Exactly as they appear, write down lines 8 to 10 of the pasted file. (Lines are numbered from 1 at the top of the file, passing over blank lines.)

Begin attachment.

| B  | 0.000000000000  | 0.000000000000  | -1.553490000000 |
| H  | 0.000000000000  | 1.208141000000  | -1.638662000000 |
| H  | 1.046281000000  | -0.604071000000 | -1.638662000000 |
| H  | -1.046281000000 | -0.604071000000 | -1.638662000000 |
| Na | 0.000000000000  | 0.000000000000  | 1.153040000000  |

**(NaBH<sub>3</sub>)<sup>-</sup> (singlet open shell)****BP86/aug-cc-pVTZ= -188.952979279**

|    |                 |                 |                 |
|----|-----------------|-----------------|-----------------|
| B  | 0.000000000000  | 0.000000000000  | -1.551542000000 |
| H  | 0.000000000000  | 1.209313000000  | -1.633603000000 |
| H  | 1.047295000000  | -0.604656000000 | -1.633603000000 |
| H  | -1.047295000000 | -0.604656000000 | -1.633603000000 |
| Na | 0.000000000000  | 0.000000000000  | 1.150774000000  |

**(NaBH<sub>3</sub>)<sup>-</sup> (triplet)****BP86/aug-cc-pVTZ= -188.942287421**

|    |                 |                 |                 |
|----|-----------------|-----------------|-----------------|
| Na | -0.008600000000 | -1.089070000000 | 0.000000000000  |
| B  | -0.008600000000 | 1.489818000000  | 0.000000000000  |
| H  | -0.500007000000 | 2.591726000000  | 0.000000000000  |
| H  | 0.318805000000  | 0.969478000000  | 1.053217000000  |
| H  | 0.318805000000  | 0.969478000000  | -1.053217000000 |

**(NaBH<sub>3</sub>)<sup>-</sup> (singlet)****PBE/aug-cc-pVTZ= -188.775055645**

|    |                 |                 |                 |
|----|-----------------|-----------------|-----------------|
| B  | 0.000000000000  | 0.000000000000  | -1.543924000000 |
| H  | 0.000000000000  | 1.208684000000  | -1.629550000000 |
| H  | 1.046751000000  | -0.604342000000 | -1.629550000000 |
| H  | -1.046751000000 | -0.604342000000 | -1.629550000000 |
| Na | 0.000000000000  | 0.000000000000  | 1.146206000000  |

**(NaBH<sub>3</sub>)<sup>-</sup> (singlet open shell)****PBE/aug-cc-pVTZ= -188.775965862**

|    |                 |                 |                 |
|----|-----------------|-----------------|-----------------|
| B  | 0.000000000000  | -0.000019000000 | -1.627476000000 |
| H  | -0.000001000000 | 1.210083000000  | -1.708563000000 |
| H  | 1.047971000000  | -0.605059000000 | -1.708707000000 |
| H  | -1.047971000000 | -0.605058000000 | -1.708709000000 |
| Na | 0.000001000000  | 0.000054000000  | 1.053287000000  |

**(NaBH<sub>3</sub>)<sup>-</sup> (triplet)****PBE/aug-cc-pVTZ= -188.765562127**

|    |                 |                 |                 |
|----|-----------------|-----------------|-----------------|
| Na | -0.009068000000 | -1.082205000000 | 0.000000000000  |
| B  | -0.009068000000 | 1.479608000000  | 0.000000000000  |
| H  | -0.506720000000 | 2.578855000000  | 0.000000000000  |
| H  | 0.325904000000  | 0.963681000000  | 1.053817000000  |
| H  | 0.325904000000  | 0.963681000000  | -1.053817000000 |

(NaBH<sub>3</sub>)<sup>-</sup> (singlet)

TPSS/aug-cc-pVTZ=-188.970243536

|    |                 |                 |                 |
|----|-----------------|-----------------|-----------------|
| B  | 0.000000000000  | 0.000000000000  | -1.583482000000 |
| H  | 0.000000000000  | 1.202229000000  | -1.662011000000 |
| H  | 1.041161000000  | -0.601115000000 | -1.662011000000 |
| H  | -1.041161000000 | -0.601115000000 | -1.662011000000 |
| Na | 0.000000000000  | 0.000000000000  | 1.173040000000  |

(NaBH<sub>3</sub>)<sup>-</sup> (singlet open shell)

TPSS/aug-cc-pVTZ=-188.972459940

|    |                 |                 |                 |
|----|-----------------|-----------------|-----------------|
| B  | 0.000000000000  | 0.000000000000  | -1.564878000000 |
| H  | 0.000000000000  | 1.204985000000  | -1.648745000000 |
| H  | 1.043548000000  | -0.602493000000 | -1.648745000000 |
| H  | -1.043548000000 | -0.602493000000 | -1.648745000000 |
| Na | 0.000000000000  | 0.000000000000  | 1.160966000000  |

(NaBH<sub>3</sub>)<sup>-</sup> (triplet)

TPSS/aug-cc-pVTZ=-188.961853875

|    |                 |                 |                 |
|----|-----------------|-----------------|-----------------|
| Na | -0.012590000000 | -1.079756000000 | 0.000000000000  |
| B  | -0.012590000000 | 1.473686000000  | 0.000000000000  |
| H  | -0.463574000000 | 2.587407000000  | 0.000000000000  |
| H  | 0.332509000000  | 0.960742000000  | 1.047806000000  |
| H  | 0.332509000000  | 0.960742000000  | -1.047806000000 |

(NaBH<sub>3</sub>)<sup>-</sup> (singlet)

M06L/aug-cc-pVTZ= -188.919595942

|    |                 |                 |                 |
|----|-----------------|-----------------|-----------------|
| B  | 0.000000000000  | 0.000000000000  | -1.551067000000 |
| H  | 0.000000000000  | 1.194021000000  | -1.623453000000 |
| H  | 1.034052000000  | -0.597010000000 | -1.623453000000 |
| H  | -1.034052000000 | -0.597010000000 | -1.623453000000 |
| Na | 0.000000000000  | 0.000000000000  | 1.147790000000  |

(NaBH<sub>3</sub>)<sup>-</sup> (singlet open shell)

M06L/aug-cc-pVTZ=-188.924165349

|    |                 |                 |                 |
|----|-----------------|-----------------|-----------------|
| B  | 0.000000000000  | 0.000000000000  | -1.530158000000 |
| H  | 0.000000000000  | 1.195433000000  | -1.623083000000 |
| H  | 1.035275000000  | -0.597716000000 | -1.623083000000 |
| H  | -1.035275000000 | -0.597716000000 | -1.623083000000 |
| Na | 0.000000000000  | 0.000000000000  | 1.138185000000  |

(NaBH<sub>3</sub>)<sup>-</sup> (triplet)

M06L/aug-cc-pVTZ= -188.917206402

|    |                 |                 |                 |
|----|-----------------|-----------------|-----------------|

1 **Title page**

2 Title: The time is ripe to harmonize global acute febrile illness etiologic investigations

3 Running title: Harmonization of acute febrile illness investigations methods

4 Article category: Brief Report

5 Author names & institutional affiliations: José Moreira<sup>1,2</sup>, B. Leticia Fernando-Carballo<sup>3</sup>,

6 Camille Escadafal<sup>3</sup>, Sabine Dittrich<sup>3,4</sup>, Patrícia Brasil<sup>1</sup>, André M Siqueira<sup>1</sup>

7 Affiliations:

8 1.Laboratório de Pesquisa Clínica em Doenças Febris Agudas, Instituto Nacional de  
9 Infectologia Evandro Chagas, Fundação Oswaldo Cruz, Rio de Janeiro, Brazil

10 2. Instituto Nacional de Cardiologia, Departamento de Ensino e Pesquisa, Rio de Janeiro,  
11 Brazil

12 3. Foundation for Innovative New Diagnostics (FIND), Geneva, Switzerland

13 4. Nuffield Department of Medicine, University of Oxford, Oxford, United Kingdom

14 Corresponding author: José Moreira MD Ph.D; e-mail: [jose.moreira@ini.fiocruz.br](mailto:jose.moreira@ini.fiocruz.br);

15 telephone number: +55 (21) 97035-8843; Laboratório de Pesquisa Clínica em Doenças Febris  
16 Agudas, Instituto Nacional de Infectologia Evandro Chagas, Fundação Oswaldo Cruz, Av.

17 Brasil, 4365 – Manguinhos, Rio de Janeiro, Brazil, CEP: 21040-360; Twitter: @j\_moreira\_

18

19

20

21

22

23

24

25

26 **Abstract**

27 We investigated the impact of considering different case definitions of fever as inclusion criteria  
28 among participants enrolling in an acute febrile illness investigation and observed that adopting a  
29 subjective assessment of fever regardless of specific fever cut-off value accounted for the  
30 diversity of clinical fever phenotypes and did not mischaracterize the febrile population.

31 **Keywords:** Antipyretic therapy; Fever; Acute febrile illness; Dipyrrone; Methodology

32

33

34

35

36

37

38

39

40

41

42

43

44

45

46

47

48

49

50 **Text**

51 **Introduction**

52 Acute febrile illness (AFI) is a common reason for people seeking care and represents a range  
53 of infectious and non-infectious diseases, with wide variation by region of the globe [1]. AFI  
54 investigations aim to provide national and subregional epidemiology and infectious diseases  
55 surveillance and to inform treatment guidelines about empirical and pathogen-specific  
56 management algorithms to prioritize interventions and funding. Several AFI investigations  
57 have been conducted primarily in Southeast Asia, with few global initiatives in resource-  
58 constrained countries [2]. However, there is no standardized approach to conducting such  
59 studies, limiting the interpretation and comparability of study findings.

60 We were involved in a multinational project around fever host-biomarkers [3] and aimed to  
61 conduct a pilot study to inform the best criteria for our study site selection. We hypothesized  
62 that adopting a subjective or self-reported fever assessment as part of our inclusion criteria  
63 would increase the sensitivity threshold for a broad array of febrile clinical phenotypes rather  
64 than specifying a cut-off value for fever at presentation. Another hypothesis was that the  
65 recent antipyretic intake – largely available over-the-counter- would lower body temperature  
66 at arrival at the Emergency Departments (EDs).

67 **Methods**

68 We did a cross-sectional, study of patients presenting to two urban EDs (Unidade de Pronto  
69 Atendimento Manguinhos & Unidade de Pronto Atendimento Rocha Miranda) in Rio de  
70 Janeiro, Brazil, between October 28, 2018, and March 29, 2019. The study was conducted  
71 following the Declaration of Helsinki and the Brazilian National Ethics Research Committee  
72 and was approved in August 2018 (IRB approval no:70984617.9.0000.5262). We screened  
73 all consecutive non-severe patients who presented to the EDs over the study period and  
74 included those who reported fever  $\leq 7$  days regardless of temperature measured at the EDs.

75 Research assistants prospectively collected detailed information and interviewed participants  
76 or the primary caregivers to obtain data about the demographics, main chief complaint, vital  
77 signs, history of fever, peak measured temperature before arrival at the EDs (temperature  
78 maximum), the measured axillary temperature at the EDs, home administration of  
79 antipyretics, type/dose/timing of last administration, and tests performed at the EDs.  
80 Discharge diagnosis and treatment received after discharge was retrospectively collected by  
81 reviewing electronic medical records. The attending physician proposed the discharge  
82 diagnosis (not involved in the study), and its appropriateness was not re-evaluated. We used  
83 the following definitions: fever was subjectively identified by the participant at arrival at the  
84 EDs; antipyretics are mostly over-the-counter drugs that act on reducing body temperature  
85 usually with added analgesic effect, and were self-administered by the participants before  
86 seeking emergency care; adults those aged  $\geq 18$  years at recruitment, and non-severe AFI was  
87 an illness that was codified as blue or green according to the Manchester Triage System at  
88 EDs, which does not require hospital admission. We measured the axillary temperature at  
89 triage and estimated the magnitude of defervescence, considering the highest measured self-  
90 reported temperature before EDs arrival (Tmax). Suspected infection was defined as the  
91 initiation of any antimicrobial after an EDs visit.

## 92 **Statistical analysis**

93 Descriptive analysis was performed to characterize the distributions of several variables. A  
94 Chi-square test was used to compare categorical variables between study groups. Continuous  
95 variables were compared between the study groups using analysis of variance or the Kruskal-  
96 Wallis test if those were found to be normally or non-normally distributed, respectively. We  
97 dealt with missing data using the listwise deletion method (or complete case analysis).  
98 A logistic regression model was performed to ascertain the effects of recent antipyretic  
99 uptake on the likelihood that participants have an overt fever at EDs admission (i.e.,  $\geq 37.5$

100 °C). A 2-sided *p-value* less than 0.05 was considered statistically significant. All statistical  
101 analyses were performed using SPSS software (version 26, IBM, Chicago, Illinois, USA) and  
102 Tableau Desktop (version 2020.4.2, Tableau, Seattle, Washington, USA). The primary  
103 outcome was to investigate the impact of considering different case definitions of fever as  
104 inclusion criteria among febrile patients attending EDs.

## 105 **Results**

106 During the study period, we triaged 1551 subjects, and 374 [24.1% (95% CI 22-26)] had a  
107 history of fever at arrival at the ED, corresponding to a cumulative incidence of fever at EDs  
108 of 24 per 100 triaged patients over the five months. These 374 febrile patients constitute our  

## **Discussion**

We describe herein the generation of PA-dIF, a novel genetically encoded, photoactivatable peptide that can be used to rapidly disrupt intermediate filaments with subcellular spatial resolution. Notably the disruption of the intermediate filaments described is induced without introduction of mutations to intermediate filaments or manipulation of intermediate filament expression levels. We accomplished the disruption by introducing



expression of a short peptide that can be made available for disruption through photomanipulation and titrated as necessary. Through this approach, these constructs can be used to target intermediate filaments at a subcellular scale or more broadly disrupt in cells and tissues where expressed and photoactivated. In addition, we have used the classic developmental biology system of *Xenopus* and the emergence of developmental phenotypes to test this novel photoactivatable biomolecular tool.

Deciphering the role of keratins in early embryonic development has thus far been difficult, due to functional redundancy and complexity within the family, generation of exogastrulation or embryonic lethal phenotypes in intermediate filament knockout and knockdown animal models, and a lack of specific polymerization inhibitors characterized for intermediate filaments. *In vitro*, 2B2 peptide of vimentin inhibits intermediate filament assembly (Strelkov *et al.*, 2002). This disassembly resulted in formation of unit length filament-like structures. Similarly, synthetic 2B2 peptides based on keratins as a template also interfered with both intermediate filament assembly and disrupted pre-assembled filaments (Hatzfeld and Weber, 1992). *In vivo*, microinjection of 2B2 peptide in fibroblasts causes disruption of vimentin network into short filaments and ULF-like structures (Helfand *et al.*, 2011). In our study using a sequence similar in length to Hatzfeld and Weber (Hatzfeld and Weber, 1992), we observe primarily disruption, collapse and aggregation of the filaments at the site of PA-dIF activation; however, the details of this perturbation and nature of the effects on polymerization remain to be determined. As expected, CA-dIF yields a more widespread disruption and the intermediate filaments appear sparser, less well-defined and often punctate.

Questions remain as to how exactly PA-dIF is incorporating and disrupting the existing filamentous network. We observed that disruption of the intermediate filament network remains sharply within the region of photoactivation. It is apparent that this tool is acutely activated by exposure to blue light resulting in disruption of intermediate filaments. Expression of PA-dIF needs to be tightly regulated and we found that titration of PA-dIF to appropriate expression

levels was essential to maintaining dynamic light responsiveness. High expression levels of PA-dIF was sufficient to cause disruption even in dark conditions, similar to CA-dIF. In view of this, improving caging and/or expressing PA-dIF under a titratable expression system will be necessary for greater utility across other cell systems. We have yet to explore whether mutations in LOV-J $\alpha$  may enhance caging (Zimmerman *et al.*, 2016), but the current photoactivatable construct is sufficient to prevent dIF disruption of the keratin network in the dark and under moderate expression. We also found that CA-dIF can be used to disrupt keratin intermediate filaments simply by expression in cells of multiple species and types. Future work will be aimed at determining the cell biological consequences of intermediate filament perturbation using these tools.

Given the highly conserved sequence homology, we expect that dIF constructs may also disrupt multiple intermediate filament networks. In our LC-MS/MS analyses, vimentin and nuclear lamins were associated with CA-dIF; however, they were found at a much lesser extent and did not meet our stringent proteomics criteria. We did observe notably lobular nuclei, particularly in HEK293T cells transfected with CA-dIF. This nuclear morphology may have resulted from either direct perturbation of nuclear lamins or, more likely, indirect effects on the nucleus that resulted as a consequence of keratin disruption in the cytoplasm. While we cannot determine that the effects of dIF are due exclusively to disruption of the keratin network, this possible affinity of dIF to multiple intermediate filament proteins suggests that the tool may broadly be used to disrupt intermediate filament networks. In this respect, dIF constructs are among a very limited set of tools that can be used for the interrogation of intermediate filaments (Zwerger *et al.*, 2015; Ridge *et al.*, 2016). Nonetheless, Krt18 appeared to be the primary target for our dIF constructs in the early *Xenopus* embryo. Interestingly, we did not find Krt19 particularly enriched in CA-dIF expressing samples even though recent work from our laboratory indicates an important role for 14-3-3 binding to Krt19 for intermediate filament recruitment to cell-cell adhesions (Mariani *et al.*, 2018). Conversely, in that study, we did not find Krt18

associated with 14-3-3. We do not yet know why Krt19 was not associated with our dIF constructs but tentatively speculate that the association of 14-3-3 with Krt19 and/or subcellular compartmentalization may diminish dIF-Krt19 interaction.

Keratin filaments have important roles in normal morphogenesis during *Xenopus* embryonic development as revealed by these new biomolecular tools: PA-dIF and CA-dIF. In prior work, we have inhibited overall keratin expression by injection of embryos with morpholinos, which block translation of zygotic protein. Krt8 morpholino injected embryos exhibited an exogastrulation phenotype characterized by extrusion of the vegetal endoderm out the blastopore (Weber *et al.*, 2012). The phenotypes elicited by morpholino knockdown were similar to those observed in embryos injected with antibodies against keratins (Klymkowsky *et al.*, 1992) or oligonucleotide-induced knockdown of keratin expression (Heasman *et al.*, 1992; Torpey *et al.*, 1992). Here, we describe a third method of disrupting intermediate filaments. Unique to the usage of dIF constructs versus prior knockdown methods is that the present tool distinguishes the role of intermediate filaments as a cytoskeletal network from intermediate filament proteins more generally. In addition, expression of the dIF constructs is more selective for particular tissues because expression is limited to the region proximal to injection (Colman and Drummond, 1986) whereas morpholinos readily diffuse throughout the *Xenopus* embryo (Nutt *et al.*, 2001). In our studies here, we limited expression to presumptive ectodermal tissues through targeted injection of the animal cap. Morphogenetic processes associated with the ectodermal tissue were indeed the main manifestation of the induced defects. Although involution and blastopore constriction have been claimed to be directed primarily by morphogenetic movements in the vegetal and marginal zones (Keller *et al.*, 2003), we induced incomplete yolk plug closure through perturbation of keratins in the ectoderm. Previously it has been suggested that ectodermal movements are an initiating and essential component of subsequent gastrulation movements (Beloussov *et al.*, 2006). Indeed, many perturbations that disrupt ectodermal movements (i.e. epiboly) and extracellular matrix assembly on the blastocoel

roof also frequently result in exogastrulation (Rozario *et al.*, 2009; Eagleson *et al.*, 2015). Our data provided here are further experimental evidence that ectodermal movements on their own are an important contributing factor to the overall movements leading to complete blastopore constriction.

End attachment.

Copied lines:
|----|-----------------|-----------------|-----------------|
| B  | 0.000000000000  | 0.000000000000  | -1.551542000000 |
| H  | 0.000000000000  | 1.209313000000  | -1.633603000000 |